Car Guy

Eyeball to License Plate

Should police be scanning five thousand license plates an hour?

By 9.17.10

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Soon, cops may not even have to pull you over to know almost everything about you -- and keep it on file, too.

Motorola -- manufacturer of radio equipment and other cop stuff -- has developed automated license plate scanners that can ID you (and note your exact location at that moment) at the blink of an electronic eye. Fitted to a cop car, the plate scanners eyeball every passing vehicle, using the license plate number to cross-reference electronic records for such things as outstanding warrants, stolen vehicle reports -- potentially, anything that can be tied via the license plate number to a vehicle and thus, to its registered owner.

Motorola says its readers can scan 5,000 plates during the typical eight-hour police shift. That's just one car, mind you. If every cop car in a given jurisdiction had the scanners, an electronic dragnet would make it very easy to scan almost every vehicle not locked up in a walled private garage.

So is it a good thing -- or a bad thing?

There's no denying the technology would make it a lot easier to identify stolen cars, say -- and presumably cuff and stuff the thieves, too.

But the technology has a Dark Side, too.

For one, scanning random vehicles amounts to yet another diminishment of whatever's left of the Fourth Amendment's guarantees against warrantless (and unreasonable) searches. If the scanners become ubiquitous you may expect to be ubiquitously scanned, anywhere, anytime -- for literally no reason whatsoever other than you happen to be outside of your home. 

Civil libertarians note that the scanners do not merely passively search for specific vehicles (plates) that are tied to, say, an outstanding warrant. They monitor and record all vehicles. They also jot down (electronically) the date, time and location your vehicle (and thus, you) were scanned into the system. Which is both creepy and raises a legal issue -- maybe several of them. Will an estranged spouse be able to deploy such records in a divorce proceeding to establish proof of infidelity? Will the state authorities provide information about your comings and goings to insurance companies, possibly to be used against you -- or as the basis for "adjusting" your premium?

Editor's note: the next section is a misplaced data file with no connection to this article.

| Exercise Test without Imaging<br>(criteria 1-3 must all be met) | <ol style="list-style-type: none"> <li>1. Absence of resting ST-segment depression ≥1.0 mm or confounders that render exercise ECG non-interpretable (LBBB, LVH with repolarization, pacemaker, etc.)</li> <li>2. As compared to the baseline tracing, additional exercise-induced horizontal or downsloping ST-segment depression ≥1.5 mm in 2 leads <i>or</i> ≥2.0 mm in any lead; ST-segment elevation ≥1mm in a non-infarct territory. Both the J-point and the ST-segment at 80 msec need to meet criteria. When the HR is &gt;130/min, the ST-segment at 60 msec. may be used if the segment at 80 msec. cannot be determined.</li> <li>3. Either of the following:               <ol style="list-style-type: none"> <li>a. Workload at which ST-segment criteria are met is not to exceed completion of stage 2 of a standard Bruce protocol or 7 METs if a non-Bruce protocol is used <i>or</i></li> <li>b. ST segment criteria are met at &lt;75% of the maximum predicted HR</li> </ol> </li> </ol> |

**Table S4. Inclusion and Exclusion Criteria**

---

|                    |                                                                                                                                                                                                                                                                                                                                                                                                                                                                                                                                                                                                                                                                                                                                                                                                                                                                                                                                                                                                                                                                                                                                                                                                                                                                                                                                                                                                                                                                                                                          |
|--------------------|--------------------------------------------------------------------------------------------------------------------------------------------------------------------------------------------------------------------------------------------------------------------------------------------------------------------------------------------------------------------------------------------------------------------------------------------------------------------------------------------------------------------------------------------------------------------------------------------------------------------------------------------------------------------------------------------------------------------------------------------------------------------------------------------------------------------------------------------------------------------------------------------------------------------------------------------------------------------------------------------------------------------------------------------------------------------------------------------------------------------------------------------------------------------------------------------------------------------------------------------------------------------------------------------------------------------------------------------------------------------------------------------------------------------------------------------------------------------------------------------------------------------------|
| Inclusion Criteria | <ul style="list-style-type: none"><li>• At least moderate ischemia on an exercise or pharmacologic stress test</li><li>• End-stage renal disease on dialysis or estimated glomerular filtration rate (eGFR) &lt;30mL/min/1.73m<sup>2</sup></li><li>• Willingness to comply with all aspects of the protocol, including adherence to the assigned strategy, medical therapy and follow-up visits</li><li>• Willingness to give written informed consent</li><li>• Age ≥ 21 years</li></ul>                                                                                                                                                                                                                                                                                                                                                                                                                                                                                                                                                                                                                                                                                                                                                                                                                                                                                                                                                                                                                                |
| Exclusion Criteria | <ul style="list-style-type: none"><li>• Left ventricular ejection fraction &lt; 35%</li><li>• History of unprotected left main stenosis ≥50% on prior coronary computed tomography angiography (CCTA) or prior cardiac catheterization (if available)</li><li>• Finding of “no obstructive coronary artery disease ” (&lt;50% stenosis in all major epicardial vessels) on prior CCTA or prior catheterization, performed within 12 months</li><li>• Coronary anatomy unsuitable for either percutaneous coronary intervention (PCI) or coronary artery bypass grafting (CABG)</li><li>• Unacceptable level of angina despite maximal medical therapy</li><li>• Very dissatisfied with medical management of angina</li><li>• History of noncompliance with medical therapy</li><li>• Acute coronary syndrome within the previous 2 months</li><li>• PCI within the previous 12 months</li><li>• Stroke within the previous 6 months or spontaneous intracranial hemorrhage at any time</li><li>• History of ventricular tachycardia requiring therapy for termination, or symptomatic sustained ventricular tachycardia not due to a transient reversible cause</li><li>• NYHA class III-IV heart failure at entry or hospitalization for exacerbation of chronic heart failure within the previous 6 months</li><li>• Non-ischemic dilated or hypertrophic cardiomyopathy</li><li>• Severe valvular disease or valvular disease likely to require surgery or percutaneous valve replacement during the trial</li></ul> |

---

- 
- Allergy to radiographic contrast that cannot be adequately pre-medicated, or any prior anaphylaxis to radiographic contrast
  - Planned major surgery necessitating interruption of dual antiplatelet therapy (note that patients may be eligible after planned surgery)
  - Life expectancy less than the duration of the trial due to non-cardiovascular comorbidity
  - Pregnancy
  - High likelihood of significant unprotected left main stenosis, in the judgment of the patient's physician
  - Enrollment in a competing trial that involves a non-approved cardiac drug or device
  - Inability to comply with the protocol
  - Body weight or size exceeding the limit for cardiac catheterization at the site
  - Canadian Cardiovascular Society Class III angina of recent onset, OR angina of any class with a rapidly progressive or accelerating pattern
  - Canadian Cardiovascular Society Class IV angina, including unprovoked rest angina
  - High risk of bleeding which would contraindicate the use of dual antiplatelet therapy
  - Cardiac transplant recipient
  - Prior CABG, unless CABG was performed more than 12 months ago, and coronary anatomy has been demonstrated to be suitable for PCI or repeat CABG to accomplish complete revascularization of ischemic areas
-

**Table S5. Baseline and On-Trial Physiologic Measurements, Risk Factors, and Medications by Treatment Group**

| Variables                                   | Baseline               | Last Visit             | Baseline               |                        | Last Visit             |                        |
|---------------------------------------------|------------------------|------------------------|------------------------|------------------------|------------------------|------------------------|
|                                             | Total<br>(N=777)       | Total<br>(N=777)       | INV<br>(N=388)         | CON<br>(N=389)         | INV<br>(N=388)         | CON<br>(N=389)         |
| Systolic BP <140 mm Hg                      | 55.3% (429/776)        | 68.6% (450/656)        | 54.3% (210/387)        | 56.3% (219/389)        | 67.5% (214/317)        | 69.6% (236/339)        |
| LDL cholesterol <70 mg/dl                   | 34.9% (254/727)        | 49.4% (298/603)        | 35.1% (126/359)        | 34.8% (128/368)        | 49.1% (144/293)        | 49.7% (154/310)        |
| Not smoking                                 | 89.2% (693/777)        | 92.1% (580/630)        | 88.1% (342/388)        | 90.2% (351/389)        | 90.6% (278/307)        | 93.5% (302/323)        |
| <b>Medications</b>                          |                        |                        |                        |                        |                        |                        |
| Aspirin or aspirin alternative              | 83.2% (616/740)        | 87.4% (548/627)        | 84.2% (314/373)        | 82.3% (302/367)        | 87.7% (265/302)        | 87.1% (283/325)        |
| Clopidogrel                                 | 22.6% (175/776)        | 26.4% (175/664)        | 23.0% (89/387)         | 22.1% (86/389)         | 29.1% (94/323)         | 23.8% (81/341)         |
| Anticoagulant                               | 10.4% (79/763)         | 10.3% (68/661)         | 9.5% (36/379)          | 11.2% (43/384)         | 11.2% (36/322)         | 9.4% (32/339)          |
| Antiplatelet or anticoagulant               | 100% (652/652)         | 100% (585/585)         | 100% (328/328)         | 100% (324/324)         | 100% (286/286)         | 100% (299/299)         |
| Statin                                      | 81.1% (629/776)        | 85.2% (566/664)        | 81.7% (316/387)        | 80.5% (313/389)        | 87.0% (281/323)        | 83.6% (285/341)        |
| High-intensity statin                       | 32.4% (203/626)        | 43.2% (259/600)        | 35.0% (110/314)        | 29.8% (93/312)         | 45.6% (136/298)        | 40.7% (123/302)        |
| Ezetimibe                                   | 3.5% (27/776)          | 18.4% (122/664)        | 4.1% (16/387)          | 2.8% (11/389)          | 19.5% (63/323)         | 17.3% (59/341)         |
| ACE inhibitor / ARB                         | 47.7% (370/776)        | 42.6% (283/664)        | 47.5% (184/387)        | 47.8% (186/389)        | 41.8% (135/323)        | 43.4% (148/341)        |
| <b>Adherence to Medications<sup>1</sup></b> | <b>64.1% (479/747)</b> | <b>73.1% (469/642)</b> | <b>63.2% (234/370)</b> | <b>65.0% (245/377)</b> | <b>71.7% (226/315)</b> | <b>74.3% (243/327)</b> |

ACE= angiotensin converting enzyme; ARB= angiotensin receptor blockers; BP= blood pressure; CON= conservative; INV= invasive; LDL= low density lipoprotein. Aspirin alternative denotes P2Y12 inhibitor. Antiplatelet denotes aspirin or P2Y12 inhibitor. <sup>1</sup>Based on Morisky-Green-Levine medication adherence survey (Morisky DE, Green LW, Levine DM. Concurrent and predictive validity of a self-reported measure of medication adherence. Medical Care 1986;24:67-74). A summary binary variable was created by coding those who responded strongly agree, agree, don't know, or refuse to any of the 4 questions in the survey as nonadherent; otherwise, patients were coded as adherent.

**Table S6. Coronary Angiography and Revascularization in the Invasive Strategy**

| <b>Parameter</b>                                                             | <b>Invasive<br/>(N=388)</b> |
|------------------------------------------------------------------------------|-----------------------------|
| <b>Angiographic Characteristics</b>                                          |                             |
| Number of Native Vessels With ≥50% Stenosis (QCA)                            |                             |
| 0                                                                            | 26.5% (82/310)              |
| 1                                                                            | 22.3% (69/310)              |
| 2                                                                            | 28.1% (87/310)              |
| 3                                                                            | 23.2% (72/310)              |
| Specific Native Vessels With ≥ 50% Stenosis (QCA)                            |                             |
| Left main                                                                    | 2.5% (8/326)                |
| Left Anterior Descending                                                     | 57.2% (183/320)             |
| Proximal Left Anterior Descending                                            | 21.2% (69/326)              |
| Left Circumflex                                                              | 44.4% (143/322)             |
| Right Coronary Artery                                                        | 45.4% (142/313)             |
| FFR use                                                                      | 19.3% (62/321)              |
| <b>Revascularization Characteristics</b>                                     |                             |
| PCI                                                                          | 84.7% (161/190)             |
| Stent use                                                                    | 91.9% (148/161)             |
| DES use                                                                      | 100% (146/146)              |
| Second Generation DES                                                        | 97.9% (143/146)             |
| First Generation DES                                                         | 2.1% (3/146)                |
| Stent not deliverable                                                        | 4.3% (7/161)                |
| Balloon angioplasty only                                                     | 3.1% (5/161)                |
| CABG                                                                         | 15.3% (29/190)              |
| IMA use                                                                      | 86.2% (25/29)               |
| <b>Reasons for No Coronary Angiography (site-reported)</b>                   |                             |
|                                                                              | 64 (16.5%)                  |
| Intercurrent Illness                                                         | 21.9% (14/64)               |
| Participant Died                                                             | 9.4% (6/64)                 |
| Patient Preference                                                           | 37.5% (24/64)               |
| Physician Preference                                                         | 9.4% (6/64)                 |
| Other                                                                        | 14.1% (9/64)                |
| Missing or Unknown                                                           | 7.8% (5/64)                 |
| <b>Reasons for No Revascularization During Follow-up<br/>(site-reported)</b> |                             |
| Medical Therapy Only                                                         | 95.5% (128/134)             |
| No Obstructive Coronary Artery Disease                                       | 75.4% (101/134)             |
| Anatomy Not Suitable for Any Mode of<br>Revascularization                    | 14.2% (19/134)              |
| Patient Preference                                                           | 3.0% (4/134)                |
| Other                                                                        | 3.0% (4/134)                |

The ACLU argues:

[License plate readers] raise serious concerns to your privacy because of the system's ability to monitor and track the movements of all vehicles, including those registered to people who are not suspected of any crime. Without restrictions, law enforcement agencies can and do store the data gathered by the license plate readers forever, allowing them to monitor where you have been and when you traveled there over an extended period of time. In fact, a key selling point for vendors is the system's ability to track drivers. [Emphasis added.]

Of course, cell phones already do much the same thing -- but there is an important difference: The cops still have to get a court order to obtain the information obtained and stored by cell phone providers. With plate readers, even that flimsy protection would evaporate.

Indeed, Motorola touts (in its product literature) something called -- fittingly enough -- BOSS, or Back Office Systems Software. What does BOSS do? Just what you'd expect a BOSS to do, of course:

[Plate readers] can generate vast amounts of data: database, GPS coordinates, time of day, photographs, plate numbers and more. Back at headquarters, BISS turns this data into useful intelligence... Users can query the data using multiple search parameters including time, date, full or partial plate, location and user. BOSS can also map all locations related to a single plate to track vehicle movements. The BOSS web interface allows data to be easily shared across multiple locations and agencies. {Emphasis added.] 

Some will say, well -- so what? Isn't it a good thing that new technologies will make it easier to identify and catch no-goodniks, from parking ticket scofflaws to carjackers?

No doubt. Just as tossing whatever remains of the Fourth Amendment into the shredder -- and giving, say, the IRS open-door, unlimited, anytime access to all homes, private correspondence, records, etc., would likewise make it more efficient at catching tax-evaders.

But, do you want to trust the government -- that is, government agents (cops and otherwise) -- with unchecked, unlimited, global power to inspect, snoop, interrogate, store, pore over, and otherwise monitor your entire life? Is making it easier for them to catch a few more bad guys worth the price of all of us reduced to being treated as though we are bad guys, too -- and presumptively?

No question, the pre- sicherheit state was less orderly -- and so easier for the no-goodniks to fade into the background.

But if you're old enough to remember what it was like, it wasn't a half-bad place to live....

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About the Author

Eric Peters is an automotive columnist and author of Automotive Atrocities: The Cars You Love to Hate (Motor Books International) and a new book, Road Hogs.